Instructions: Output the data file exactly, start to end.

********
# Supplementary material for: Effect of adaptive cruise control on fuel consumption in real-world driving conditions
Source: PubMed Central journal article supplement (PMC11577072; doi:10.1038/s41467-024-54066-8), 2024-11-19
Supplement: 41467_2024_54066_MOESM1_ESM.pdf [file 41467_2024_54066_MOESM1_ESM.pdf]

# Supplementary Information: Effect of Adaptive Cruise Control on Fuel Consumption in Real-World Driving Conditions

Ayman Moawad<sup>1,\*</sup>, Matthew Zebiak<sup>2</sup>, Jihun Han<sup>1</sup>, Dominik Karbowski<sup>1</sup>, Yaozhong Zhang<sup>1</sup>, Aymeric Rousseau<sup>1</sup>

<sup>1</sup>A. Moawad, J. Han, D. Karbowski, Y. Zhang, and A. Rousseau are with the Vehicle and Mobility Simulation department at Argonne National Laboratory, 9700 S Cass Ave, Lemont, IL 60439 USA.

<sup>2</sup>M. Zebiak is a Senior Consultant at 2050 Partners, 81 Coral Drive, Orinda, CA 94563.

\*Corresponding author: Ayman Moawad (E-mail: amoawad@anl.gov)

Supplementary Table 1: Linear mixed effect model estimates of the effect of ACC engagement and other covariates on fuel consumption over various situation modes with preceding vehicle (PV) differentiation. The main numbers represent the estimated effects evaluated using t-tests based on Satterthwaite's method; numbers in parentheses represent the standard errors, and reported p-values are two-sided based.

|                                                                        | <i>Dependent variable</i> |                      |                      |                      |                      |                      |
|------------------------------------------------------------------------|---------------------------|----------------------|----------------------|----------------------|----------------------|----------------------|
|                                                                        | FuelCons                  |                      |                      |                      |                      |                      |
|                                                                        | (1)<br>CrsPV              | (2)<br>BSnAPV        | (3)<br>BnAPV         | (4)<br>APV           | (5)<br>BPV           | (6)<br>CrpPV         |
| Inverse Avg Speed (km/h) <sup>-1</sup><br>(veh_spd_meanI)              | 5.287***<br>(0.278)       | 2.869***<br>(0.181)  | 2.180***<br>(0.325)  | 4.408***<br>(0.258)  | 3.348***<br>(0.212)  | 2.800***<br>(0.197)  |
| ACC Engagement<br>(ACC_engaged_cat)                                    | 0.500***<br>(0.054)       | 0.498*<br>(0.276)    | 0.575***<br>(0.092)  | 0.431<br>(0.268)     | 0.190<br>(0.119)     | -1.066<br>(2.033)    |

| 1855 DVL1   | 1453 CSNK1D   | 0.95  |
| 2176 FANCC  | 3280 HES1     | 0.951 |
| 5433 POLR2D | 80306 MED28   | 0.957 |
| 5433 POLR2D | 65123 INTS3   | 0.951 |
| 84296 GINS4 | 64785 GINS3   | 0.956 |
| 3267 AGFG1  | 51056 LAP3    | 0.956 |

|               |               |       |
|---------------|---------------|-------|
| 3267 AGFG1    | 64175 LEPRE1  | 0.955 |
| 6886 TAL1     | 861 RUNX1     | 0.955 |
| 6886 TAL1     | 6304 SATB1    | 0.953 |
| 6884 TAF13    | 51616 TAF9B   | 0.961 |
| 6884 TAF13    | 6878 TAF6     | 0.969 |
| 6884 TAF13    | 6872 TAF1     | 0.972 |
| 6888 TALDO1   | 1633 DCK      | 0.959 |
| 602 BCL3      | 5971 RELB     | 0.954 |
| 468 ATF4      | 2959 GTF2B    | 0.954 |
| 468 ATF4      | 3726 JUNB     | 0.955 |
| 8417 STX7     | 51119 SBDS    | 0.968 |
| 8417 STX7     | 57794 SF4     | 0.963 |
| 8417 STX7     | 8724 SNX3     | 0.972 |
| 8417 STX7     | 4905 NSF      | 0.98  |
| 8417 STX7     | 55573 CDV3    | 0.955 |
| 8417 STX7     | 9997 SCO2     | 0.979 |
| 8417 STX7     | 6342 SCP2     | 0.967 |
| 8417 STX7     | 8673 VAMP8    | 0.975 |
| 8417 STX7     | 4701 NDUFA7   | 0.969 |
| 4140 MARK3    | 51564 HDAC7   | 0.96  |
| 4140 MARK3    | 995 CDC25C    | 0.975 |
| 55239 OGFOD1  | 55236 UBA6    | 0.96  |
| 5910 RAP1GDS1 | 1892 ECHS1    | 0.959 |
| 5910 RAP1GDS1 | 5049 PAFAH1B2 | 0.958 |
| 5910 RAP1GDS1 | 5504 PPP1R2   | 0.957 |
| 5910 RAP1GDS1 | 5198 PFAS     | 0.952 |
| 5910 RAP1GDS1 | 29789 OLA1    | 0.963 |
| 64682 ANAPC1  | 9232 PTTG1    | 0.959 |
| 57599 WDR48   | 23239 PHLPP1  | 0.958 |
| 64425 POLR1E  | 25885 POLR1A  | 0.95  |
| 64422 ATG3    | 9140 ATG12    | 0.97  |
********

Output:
# Supplementary material for: Effect of adaptive cruise control on fuel consumption in real-world driving conditions
Source: PubMed Central journal article supplement (PMC11577072; doi:10.1038/s41467-024-54066-8), 2024-11-19
Supplement: 41467_2024_54066_MOESM1_ESM.pdf [file 41467_2024_54066_MOESM1_ESM.pdf]

# Supplementary Information: Effect of Adaptive Cruise Control on Fuel Consumption in Real-World Driving Conditions

Ayman Moawad<sup>1,\*</sup>, Matthew Zebiak<sup>2</sup>, Jihun Han<sup>1</sup>, Dominik Karbowski<sup>1</sup>, Yaozhong Zhang<sup>1</sup>, Aymeric Rousseau<sup>1</sup>

<sup>1</sup>A. Moawad, J. Han, D. Karbowski, Y. Zhang, and A. Rousseau are with the Vehicle and Mobility Simulation department at Argonne National Laboratory, 9700 S Cass Ave, Lemont, IL 60439 USA.

<sup>2</sup>M. Zebiak is a Senior Consultant at 2050 Partners, 81 Coral Drive, Orinda, CA 94563.

\*Corresponding author: Ayman Moawad (E-mail: amoawad@anl.gov)

Supplementary Table 1: Linear mixed effect model estimates of the effect of ACC engagement and other covariates on fuel consumption over various situation modes with preceding vehicle (PV) differentiation. The main numbers represent the estimated effects evaluated using t-tests based on Satterthwaite's method; numbers in parentheses represent the standard errors, and reported p-values are two-sided based.

|                                                                        | <i>Dependent variable</i> |                      |                      |                      |                      |                      |
|------------------------------------------------------------------------|---------------------------|----------------------|----------------------|----------------------|----------------------|----------------------|
|                                                                        | FuelCons                  |                      |                      |                      |                      |                      |
|                                                                        | (1)<br>CrsPV              | (2)<br>BSnAPV        | (3)<br>BnAPV         | (4)<br>APV           | (5)<br>BPV           | (6)<br>CrpPV         |
| Inverse Avg Speed (km/h) <sup>-1</sup><br>(veh_spd_meanI)              | 5.287***<br>(0.278)       | 2.869***<br>(0.181)  | 2.180***<br>(0.325)  | 4.408***<br>(0.258)  | 3.348***<br>(0.212)  | 2.800***<br>(0.197)  |
| ACC Engagement<br>(ACC_engaged_cat)                                    | 0.500***<br>(0.054)       | 0.498*<br>(0.276)    | 0.575***<br>(0.092)  | 0.431<br>(0.268)     | 0.190<br>(0.119)     | -1.066<br>(2.033)    |

| 1855 DVL1   | 1453 CSNK1D   | 0.95  |
| 2176 FANCC  | 3280 HES1     | 0.951 |
| 5433 POLR2D | 80306 MED28   | 0.957 |
| 5433 POLR2D | 65123 INTS3   | 0.951 |
| 84296 GINS4 | 64785 GINS3   | 0.956 |
| 3267 AGFG1  | 51056 LAP3    | 0.956 |

|               |               |       |
|---------------|---------------|-------|
| 3267 AGFG1    | 64175 LEPRE1  | 0.955 |
| 6886 TAL1     | 861 RUNX1     | 0.955 |
| 6886 TAL1     | 6304 SATB1    | 0.953 |
| 6884 TAF13    | 51616 TAF9B   | 0.961 |
| 6884 TAF13    | 6878 TAF6     | 0.969 |
| 6884 TAF13    | 6872 TAF1     | 0.972 |
| 6888 TALDO1   | 1633 DCK      | 0.959 |
| 602 BCL3      | 5971 RELB     | 0.954 |
| 468 ATF4      | 2959 GTF2B    | 0.954 |
| 468 ATF4      | 3726 JUNB     | 0.955 |
| 8417 STX7     | 51119 SBDS    | 0.968 |
| 8417 STX7     | 57794 SF4     | 0.963 |
| 8417 STX7     | 8724 SNX3     | 0.972 |
| 8417 STX7     | 4905 NSF      | 0.98  |
| 8417 STX7     | 55573 CDV3    | 0.955 |
| 8417 STX7     | 9997 SCO2     | 0.979 |
| 8417 STX7     | 6342 SCP2     | 0.967 |
| 8417 STX7     | 8673 VAMP8    | 0.975 |
| 8417 STX7     | 4701 NDUFA7   | 0.969 |
| 4140 MARK3    | 51564 HDAC7   | 0.96  |
| 4140 MARK3    | 995 CDC25C    | 0.975 |
| 55239 OGFOD1  | 55236 UBA6    | 0.96  |
| 5910 RAP1GDS1 | 1892 ECHS1    | 0.959 |
| 5910 RAP1GDS1 | 5049 PAFAH1B2 | 0.958 |
| 5910 RAP1GDS1 | 5504 PPP1R2   | 0.957 |
| 5910 RAP1GDS1 | 5198 PFAS     | 0.952 |
| 5910 RAP1GDS1 | 29789 OLA1    | 0.963 |
| 64682 ANAPC1  | 9232 PTTG1    | 0.959 |
| 57599 WDR48   | 23239 PHLPP1  | 0.958 |
| 64425 POLR1E  | 25885 POLR1A  | 0.95  |
| 64422 ATG3    | 9140 ATG12    | 0.97  |